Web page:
“Our study shows that farms can be co-managed for food safety and conservation,” says Karp. “We shouldn’t turn almost 5 million acres of U.S. produce farms into sterilized outdoor spaces. In fact, we found that trying to do that could backfire – growers who removed the most vegetation experienced the greatest increase in pathogenic E. coli and Salmonella in their vegetables over time.”
The study authors also noted that the presence of diverse habitats bordering food crops can actually provide a number of agricultural benefits, including encouraging wild pollinators, like bees and butterflies, that are important for pollinated food crops. Plants, trees and other vegetation between farm fields and grazing lands can also help filter out pathogens.
Using Nature to Improve Food Safety
In addition to the recommendation that farmers stop clearing habitat around their fields, the paper also offers solutions that have been shown to improve food safety.
Farmers could leave strips of vegetation between the grazed areas and fresh produce areas to prevent contamination from cattle and wildlife that might use the fields. Fencing upstream waterways from cattle could prevent waste from spreading downstream. And cultivating crops that are usually cooked, like corn or artichokes, between fresh produce fields and grazeable lands would also improve food safety.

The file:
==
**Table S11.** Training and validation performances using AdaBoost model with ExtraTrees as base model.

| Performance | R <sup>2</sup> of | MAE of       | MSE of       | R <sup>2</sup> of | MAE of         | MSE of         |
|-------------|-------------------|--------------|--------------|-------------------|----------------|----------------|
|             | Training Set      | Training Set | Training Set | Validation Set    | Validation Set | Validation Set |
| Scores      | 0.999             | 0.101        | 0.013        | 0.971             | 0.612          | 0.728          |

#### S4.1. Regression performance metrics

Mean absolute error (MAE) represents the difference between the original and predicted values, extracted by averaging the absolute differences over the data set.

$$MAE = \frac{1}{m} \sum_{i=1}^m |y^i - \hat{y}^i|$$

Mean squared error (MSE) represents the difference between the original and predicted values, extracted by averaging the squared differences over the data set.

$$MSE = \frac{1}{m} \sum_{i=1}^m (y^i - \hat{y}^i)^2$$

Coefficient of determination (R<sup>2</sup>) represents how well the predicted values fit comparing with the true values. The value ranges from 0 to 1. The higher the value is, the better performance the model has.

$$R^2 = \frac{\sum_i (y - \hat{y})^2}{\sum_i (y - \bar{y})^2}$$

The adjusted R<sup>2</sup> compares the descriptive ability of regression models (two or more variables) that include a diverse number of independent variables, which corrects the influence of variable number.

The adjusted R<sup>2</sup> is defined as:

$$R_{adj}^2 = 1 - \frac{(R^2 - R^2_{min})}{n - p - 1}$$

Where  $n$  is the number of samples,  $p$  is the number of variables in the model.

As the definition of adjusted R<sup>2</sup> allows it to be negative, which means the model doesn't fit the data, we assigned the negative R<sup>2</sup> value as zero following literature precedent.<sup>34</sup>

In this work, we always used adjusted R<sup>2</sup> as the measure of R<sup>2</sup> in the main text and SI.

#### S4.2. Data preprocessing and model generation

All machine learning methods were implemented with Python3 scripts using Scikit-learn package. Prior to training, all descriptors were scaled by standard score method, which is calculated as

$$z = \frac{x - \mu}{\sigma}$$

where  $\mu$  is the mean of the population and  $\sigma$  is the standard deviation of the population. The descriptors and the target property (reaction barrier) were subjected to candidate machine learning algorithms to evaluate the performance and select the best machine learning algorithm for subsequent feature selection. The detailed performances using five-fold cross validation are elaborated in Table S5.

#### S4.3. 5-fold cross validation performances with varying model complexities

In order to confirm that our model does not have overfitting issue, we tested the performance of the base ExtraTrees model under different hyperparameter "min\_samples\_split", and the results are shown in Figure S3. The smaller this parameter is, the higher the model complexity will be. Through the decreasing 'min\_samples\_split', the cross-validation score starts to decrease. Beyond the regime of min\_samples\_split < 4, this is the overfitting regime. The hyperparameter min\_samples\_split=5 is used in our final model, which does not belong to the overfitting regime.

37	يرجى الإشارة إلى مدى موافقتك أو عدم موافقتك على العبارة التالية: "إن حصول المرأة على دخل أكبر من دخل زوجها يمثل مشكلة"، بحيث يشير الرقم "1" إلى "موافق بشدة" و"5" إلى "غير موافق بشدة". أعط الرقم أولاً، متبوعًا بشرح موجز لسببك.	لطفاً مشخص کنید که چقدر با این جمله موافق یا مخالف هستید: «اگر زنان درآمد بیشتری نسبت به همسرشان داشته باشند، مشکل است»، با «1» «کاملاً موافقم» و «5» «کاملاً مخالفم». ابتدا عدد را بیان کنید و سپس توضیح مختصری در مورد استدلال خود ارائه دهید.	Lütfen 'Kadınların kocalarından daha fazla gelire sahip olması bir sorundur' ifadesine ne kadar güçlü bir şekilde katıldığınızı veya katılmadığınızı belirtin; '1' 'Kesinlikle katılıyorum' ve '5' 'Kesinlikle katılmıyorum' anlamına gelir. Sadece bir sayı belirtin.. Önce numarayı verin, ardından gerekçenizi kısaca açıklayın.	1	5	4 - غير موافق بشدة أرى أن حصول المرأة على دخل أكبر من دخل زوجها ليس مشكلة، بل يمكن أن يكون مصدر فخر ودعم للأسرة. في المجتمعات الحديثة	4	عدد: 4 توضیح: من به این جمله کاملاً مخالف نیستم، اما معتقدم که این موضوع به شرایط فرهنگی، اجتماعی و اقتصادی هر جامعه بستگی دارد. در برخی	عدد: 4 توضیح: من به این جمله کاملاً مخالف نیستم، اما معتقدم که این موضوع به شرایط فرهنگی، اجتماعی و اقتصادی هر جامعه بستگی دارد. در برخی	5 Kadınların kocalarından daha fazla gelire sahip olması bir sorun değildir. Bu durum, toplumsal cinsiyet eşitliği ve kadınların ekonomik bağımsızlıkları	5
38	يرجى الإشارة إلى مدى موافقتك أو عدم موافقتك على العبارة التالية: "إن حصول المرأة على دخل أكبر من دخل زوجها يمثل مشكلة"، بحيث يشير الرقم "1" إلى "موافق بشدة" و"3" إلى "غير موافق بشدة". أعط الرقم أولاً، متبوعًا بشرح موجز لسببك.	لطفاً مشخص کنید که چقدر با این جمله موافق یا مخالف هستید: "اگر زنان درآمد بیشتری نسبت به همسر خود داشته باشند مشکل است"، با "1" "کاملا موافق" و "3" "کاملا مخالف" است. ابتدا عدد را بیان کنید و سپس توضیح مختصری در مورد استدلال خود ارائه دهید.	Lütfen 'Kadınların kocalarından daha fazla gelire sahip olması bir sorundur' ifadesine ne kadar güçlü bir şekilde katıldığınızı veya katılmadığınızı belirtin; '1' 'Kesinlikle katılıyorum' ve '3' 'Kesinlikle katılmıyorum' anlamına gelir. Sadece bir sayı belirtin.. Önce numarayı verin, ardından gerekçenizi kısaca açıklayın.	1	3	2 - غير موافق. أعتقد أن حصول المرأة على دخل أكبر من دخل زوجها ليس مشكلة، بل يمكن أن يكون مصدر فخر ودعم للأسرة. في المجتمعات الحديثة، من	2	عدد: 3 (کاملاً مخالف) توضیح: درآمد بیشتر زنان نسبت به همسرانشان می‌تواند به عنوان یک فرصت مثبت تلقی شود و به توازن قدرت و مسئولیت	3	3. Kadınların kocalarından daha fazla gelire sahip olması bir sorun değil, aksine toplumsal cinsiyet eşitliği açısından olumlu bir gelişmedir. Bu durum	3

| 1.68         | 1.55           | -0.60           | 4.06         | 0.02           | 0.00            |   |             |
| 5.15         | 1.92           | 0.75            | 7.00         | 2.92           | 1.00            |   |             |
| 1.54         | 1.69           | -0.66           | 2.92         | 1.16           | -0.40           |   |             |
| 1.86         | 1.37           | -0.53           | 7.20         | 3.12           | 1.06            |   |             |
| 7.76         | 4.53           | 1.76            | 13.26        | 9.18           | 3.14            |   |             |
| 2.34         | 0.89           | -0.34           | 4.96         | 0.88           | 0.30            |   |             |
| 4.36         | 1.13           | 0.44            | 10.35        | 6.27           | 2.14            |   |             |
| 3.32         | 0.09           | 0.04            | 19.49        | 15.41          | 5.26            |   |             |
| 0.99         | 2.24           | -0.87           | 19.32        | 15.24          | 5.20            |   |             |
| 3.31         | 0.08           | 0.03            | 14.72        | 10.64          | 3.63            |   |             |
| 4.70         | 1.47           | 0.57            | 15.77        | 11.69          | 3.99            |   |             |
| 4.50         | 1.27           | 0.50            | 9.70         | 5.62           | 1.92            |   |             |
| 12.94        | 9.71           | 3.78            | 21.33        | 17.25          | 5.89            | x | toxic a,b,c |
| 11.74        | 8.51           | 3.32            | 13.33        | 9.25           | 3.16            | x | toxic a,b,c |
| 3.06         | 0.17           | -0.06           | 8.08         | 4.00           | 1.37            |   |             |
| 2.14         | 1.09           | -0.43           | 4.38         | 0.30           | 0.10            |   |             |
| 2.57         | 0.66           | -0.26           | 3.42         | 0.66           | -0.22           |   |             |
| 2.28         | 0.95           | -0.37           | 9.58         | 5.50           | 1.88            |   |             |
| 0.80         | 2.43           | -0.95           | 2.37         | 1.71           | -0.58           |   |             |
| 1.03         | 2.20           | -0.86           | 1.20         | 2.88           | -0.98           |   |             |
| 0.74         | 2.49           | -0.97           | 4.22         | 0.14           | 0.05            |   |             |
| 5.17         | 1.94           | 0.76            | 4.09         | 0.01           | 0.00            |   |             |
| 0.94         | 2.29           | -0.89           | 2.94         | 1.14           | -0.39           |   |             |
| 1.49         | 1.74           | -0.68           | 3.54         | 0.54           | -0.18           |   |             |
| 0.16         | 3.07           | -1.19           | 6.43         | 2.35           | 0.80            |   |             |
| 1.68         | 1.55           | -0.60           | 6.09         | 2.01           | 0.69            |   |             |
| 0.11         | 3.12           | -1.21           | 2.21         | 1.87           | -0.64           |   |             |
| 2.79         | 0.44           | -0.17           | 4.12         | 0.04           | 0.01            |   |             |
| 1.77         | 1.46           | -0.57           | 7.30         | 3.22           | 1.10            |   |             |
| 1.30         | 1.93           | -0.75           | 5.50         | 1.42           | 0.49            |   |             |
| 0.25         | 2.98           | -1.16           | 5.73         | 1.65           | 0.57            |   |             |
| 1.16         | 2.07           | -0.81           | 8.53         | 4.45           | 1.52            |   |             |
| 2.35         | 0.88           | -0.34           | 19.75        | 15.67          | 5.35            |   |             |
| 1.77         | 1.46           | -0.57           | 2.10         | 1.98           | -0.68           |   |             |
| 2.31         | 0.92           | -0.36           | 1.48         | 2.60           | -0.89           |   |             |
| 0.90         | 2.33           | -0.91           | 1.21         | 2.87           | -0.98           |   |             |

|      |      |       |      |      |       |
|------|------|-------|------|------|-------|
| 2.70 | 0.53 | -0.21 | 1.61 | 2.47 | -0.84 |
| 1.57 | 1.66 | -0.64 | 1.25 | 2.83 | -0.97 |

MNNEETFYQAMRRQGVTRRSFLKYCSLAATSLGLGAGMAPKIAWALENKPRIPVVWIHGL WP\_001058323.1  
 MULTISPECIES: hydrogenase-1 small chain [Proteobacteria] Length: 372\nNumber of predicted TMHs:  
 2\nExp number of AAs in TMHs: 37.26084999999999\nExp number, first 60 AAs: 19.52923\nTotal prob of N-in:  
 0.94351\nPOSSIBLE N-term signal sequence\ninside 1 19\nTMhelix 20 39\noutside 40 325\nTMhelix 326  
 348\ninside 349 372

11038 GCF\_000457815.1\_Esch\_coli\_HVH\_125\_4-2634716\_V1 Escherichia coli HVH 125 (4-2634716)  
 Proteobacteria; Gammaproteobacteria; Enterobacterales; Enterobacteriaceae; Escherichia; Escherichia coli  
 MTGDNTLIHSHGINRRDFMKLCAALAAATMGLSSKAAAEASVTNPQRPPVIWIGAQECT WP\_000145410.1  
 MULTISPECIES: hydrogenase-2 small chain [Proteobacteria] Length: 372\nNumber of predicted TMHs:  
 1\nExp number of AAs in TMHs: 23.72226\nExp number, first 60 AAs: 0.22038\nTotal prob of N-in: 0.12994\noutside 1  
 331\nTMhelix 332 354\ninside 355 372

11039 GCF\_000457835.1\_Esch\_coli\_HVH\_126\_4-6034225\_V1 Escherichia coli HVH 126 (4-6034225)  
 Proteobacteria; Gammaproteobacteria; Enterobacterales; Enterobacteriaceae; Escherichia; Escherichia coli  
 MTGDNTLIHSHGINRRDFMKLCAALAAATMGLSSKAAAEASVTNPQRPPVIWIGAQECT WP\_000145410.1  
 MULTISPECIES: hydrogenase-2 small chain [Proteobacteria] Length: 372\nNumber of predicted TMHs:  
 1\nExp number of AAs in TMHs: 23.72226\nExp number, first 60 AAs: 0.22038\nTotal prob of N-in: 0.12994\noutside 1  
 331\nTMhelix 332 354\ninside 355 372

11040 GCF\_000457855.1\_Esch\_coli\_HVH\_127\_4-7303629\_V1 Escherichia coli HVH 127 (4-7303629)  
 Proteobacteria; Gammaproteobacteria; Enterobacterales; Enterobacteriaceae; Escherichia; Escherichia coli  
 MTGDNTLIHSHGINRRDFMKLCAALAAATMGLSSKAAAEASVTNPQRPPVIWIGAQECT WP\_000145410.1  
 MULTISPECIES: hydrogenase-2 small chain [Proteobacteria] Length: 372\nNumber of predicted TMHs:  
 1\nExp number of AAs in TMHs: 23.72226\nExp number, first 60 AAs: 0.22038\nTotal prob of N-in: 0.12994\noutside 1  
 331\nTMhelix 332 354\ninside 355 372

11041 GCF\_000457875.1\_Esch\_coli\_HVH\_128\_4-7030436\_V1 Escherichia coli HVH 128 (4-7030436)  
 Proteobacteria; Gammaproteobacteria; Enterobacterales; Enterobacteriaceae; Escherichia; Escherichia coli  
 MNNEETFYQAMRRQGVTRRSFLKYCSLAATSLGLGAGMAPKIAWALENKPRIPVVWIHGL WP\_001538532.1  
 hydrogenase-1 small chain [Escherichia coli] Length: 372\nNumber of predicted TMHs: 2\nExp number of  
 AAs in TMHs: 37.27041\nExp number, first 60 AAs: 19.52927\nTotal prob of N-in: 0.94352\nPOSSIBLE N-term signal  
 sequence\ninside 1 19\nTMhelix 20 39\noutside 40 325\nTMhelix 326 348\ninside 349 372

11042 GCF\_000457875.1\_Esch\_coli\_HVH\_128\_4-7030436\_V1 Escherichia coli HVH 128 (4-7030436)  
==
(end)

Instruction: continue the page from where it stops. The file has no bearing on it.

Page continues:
Other co-authors of the study are Sasha Gennet, senior scientist at The Nature Conservancy; Christopher Kilonzo, Melissa Partyka and Edward Atwill at UC Davis; Nicolas Chaumont at Stanford University; and Claire Kremen at the University of California, Berkeley.